Further, the Oil Code expressly permits the City to revoke a drilling or well permit if the permittee's operations pose a danger to the “lives or safety” of persons.  (Hermosa Beach Mun.Code, § 21A-11.1(D).)  Thus, under Macpherson's view, if an oil company sought to engage in oil production that posed a substantial danger to Hermosa Beach residents, the City could not deny the company drilling and well permits for health or safety concerns, but instead would be required to issue the permits then later revoke them.   We reject this strained reading of the Oil Code. If Macpherson had applied for drilling and well permits, the City could have declined to issue such permits on bona fide health or safety grounds.  (See Stop Oil I, supra, 86 Cal.App.4th at pp.   552-553 [The City “retained considerable discretion whether to approve Macpherson's plans and issue the required permits”].)

The City, however, did not have unfettered discretion to deny Macpherson drilling and well permits.   Macpherson could have challenged the City's decision by filing a petition for a writ of administrative mandate.  (See Selby Realty Co. v. City of San Buenaventura (1973) 10 Cal.3d 110, 123 [proper remedy to challenge denial of building permit is administrative mandamus].)   Because Macpherson did not have vested rights in the project (Stop Oil I, supra, 86 Cal.App.4th at pp. 551-553), the court would have granted Macpherson's petition if the City's findings were not supported by substantial evidence.  (Wences v. City of Los Angeles (2009) 177 Cal.App.4th 305, 313.)

4. Under the Implied Covenant of Good Faith and Fair Dealing, the City Could Not Deny Macpherson Permits Based Solely on Information Known at the Time the Lease was Executed

The City's discretion to deny Macpherson permits would have also been limited by the implied covenant of good faith and fair dealing.  “It has long been recognized in California every contract contains an implied covenant of good faith and fair dealing that ‘ “neither party will do anything which will injure the right of the other to receive the benefits of the agreement.”   ‘ [Citations.]  This covenant is ‘read into contracts “in order to protect the express covenants or promises of the contract, not to protect some general public policy interest not directly tied to the contract's purpose.”   ‘ “ (Wolf v. Walt Disney Pictures & Television (2008) 162 Cal.App.4th 1107, 1120 (Wolf ).)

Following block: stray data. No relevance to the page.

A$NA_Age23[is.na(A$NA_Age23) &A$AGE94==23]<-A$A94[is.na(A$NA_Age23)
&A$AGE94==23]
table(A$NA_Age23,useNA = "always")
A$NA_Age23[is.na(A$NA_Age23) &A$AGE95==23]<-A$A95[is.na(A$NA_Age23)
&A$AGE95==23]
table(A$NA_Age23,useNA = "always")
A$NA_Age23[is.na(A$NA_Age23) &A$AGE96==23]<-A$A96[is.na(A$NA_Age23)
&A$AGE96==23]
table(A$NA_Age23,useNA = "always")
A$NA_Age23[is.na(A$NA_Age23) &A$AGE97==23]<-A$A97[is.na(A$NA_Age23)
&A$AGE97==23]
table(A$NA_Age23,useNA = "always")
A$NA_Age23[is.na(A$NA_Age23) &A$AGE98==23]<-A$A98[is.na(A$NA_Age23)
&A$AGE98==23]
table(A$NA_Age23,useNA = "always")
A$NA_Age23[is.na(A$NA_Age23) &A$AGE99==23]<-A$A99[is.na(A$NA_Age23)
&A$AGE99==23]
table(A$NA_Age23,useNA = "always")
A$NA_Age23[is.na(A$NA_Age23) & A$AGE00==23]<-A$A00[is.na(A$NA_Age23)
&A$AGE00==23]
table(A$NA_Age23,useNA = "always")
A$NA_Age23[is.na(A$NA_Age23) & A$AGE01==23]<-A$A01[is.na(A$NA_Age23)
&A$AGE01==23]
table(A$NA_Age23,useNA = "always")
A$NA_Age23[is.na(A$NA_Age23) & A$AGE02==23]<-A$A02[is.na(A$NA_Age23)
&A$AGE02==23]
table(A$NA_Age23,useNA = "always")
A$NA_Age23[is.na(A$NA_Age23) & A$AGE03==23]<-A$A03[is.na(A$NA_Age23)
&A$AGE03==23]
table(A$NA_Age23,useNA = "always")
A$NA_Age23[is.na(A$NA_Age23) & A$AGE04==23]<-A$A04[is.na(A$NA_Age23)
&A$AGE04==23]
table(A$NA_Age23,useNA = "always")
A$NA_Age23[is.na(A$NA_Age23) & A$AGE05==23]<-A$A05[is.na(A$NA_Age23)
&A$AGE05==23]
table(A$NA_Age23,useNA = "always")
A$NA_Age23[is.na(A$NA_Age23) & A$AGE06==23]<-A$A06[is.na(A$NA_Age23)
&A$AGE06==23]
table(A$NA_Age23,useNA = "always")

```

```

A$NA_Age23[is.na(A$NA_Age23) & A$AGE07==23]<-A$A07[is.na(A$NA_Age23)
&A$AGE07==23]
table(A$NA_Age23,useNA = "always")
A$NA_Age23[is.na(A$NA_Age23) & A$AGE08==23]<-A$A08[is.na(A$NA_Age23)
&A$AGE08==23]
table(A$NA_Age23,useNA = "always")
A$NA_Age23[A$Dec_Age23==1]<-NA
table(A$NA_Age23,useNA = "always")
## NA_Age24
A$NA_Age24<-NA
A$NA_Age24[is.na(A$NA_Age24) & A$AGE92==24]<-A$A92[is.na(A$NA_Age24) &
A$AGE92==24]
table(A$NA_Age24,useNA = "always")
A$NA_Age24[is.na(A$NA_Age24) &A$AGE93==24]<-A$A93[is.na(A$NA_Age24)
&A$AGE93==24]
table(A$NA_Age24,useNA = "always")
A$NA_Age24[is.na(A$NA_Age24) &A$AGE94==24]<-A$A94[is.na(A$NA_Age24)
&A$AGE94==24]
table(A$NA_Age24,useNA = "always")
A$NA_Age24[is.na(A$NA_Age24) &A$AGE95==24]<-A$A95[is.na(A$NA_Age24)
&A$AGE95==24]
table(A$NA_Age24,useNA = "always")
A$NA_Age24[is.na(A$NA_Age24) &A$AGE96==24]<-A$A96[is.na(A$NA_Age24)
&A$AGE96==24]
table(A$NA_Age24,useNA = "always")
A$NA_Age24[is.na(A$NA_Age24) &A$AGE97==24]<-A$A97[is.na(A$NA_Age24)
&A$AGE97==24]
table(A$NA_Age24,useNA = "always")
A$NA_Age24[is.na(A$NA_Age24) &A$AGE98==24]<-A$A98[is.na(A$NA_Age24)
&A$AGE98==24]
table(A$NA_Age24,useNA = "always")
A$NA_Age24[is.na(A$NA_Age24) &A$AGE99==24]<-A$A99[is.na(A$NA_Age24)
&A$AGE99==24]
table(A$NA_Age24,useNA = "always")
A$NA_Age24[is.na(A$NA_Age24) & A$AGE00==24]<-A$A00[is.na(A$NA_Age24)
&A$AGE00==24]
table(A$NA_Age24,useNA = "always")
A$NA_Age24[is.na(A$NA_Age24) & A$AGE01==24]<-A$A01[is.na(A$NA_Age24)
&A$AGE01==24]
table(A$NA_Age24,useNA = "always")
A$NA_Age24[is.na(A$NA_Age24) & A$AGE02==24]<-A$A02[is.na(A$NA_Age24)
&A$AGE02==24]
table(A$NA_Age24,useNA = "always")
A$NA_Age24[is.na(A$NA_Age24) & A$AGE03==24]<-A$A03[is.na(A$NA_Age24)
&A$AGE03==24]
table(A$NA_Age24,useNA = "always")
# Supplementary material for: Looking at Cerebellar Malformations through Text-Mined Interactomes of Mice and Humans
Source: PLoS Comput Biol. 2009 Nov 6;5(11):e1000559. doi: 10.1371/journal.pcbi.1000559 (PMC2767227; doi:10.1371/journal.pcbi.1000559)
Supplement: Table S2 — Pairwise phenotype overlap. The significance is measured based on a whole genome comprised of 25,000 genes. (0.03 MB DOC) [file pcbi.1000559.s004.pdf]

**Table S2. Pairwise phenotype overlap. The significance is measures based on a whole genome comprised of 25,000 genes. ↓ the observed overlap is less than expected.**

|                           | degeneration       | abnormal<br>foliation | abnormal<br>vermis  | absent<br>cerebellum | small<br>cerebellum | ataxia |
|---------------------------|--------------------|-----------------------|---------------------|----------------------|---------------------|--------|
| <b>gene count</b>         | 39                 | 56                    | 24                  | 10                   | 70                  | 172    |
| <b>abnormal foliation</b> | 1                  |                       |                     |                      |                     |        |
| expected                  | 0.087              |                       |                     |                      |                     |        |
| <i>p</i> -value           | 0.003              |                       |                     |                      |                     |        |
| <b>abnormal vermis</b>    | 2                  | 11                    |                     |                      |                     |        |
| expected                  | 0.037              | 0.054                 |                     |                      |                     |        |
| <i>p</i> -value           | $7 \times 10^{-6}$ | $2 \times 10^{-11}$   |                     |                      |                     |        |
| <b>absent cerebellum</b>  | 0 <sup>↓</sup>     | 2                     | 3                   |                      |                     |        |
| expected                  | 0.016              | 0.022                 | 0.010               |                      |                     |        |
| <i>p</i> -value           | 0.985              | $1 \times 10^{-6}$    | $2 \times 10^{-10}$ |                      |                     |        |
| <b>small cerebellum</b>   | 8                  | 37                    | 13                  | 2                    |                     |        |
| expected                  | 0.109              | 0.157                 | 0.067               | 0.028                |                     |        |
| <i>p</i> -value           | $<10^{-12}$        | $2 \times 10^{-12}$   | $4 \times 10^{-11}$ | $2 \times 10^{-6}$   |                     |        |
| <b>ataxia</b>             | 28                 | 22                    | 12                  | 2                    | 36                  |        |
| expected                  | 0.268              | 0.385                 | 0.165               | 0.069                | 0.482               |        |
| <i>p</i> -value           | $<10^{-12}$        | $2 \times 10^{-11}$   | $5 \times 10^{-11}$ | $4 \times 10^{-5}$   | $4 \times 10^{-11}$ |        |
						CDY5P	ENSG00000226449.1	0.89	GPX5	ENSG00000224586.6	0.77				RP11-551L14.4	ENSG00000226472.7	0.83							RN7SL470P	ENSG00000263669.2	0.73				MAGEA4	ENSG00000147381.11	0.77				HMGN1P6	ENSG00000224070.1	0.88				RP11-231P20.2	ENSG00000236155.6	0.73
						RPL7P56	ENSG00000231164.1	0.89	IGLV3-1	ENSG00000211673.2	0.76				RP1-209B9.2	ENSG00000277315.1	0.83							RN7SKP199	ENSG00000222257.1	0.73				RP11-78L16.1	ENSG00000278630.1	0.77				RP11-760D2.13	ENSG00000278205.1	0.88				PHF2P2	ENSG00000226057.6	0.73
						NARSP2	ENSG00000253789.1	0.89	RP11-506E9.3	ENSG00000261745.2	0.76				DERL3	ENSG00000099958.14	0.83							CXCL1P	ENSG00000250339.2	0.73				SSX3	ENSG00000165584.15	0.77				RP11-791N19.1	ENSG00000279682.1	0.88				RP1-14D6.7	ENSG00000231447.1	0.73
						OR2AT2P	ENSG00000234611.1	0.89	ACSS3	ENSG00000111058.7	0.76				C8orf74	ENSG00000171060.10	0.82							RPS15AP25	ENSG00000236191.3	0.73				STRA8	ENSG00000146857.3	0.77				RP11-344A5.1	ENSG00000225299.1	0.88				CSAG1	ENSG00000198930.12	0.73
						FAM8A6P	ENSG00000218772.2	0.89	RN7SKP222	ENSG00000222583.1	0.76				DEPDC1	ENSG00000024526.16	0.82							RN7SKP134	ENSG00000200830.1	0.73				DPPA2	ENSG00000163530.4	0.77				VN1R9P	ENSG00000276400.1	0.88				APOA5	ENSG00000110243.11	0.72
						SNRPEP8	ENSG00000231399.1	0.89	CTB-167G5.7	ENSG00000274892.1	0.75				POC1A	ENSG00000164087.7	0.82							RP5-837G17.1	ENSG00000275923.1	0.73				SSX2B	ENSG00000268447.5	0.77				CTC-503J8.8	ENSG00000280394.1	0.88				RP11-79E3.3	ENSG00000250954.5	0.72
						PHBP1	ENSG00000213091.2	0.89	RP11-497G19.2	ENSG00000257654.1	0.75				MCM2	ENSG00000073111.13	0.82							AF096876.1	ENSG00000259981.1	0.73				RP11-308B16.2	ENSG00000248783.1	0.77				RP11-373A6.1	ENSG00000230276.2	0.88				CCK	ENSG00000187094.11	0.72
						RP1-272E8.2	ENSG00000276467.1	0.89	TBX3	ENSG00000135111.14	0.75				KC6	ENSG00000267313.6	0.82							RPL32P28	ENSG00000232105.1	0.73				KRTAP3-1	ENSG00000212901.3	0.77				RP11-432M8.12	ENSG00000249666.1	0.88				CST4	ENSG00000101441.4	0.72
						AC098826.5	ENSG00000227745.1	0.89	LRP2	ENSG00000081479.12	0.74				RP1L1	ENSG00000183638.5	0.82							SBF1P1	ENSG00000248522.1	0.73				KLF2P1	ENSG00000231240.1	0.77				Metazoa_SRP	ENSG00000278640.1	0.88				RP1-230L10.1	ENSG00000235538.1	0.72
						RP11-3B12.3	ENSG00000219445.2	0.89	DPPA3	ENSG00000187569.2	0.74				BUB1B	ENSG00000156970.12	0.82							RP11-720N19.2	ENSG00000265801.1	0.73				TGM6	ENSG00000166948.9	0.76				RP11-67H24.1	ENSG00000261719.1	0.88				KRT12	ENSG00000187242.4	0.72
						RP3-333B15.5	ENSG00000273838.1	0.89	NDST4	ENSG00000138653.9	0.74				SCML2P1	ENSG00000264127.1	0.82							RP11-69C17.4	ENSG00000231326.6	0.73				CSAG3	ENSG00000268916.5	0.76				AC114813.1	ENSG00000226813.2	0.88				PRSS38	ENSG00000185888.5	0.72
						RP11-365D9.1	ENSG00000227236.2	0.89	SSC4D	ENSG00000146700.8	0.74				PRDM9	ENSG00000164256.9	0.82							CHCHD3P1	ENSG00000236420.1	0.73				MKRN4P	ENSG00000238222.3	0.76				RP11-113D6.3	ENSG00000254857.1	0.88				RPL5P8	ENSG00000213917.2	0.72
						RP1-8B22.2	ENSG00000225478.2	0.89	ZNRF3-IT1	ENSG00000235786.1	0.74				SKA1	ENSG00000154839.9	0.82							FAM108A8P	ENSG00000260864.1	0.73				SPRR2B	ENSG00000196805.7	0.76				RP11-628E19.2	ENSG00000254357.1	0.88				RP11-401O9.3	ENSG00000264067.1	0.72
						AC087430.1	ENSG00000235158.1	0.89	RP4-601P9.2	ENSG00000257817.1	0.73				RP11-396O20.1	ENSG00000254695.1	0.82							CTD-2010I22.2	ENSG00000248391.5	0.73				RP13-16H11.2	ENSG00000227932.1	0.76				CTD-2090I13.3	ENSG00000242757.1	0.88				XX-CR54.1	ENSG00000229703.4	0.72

The implied covenant cannot vary the express terms of the contract (Carma Developers (Cal.), Inc. v. Marathon Development California, Inc. (1992) 2 Cal.4th 342, 374 (Carma ) or impose duties or limits beyond the express terms.  (Guz v. Bechtel National, Inc. (2000) 24 Cal.4th 317, 349-350 (Guz ).)   The parties to a contract “ ‘may, by express provisions of the contract, grant the right to engage in the very acts and conduct which would otherwise have been forbidden by an implied covenant of good faith and fair dealing․’  “ (Carma, at p. 374.)   The implied covenant “will only be recognized to further the contract's purpose;  it will not be read into a contract to prohibit a party from doing that which is expressly permitted by the agreement itself.”  (Wolf, supra, 162 Cal.App.4th at p. 1120.)

The implied covenant cannot be imposed on a subject that is completely covered by the contract's express terms.  (Third Story Music, Inc. v. Waits (1995) 41 Cal.App.4th 798, 804 (Third Story Music ).)   Thus, to the extent an implied covenant claim “seeks simply to invoke terms to which the parties did agree, it is superfluous.”  (Guz, supra, 24 Cal.4th at p. 352.)

In Third Story Music, the court addressed the following issue:  “When an agreement expressly gives one party absolute discretion over whether or not to perform, when should the implied covenant of good faith and fair dealing be applied to limit its discretion?”  (Third Story Music, supra, 41 Cal.App.4th at p. 804;  Ben-Zvi v. Edmar Co. (1995) 40 Cal.App.4th 468, 473) After reviewing the relevant case law, the court set forth following rule:  “The conclusion to be drawn is that courts are not at liberty to imply a covenant directly at odds with a contract's express grant of discretionary power except in those relatively rare instances when reading the provision literally would, contrary to the parties' clear intention, result in an unenforceable, illusory agreement.   In all other situations, where the contract is unambiguous, the express language is to govern, and ‘[n]o obligation can be implied ․ which would result in the obliteration of a right expressly given under a written contract.’  [Citation.]”  (Id. at p. 808.)